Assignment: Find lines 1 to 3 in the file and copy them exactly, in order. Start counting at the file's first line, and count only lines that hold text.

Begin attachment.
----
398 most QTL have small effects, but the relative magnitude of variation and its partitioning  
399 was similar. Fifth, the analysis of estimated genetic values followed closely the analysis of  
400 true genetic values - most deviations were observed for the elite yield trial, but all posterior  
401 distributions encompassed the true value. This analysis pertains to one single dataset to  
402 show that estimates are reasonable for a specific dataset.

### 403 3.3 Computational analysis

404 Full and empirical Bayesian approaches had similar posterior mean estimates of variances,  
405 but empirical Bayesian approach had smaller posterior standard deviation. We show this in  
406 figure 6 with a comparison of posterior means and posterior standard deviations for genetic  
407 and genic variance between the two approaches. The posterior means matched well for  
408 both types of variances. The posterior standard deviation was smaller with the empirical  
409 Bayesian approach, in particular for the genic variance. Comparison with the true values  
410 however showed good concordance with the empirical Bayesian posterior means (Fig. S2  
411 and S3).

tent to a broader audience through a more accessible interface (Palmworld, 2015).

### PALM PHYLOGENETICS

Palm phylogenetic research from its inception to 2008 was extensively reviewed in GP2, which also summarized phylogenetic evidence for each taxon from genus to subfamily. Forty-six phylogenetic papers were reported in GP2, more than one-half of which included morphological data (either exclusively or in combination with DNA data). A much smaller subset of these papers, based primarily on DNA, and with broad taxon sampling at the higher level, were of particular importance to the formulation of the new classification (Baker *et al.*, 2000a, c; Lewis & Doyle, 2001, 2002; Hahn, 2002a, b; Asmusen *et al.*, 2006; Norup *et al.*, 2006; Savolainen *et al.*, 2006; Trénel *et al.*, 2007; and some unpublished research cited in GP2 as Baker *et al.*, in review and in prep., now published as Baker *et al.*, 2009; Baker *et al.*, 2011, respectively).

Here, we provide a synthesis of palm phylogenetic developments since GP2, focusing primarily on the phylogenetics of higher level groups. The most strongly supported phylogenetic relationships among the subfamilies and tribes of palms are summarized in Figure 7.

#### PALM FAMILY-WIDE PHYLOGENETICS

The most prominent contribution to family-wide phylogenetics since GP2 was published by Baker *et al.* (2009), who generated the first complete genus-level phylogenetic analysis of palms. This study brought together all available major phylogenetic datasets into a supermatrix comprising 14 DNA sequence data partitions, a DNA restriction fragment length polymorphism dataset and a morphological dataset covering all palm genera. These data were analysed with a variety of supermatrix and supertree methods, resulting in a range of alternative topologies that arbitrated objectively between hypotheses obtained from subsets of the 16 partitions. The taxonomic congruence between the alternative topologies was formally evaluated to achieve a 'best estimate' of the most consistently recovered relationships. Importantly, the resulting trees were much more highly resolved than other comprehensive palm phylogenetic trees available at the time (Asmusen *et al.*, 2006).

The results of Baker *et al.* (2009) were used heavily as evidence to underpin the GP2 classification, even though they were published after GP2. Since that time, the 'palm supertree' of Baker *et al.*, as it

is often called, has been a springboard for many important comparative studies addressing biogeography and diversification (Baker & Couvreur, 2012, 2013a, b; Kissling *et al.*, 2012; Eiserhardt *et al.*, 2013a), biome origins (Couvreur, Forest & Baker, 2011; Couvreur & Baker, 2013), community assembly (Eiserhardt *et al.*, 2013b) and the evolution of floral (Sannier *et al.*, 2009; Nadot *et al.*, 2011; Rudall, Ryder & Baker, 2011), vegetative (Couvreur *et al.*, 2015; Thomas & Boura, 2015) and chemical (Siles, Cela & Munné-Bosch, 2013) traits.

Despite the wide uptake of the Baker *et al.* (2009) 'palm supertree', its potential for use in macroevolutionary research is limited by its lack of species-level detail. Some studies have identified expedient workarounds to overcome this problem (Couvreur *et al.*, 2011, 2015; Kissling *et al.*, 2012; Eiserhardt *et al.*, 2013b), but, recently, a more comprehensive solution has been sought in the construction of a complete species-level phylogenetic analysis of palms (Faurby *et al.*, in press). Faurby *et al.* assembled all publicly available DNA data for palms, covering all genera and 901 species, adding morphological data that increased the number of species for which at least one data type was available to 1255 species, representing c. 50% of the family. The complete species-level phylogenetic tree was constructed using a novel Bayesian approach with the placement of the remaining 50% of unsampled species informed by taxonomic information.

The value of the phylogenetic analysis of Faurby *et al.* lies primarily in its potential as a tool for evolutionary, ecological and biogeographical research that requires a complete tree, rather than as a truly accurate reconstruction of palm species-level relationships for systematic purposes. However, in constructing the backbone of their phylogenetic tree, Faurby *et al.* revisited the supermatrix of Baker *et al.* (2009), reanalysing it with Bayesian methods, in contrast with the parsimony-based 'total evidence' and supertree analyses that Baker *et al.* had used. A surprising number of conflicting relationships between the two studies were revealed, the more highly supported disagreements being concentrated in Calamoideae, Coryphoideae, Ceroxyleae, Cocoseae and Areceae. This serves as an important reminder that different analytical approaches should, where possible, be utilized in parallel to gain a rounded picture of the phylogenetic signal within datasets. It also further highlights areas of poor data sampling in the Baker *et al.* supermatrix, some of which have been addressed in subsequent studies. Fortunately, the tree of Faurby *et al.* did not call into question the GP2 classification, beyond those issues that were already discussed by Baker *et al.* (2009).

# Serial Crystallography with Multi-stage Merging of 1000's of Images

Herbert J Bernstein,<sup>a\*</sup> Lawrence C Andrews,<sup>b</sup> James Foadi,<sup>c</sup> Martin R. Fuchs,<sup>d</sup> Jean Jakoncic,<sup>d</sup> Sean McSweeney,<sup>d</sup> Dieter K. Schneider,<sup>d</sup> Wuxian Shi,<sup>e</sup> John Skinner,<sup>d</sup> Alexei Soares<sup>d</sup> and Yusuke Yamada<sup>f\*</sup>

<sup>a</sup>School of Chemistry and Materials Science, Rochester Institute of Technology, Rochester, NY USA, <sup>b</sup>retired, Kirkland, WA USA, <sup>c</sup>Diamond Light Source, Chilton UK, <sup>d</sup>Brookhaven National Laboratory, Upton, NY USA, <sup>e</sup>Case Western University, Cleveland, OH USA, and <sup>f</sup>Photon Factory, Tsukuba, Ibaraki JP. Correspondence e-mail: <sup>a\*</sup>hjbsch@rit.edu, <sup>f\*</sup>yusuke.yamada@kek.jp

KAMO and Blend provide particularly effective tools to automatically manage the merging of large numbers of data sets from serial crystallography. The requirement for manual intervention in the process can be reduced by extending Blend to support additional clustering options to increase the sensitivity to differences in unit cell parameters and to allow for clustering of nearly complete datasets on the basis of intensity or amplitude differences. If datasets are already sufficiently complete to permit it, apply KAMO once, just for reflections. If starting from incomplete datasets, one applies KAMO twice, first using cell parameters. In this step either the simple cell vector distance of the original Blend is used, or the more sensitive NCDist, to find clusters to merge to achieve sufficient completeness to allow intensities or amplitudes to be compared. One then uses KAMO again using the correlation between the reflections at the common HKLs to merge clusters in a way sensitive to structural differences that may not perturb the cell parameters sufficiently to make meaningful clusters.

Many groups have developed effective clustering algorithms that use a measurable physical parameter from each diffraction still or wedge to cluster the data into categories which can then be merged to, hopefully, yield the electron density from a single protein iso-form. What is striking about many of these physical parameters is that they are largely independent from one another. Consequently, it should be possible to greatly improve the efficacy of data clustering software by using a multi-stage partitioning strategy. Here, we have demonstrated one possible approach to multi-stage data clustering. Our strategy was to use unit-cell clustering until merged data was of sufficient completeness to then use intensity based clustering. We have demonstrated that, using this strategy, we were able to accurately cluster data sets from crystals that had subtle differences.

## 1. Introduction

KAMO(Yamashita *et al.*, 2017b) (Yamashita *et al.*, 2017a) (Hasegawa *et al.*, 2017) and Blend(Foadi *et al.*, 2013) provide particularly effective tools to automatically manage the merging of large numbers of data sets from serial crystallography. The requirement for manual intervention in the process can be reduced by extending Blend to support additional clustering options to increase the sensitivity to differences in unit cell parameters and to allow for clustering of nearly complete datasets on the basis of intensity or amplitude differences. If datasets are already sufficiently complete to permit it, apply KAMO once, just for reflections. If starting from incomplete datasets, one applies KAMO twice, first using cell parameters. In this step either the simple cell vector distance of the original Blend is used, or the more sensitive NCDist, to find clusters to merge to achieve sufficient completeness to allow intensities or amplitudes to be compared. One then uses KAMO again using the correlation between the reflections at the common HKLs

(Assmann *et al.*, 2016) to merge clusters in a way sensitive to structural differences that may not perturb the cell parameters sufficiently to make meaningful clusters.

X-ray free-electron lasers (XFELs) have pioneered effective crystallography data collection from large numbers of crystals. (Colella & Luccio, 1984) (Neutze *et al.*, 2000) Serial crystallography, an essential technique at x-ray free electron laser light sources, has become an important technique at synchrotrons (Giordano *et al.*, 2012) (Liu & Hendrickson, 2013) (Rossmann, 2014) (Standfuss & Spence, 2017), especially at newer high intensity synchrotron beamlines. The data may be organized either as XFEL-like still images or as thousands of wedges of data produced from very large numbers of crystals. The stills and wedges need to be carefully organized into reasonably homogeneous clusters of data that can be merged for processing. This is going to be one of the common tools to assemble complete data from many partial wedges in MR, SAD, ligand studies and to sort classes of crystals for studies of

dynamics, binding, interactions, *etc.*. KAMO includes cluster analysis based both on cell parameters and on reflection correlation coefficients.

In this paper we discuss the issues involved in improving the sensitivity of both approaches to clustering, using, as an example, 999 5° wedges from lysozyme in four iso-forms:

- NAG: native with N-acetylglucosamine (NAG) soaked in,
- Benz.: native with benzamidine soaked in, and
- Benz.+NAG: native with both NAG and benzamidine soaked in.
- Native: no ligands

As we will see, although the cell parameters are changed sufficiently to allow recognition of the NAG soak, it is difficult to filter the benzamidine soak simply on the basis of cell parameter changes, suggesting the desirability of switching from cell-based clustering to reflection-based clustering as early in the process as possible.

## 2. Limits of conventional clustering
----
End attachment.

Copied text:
398 most QTL have small effects, but the relative magnitude of variation and its partitioning  
399 was similar. Fifth, the analysis of estimated genetic values followed closely the analysis of  
400 true genetic values - most deviations were observed for the elite yield trial, but all posterior  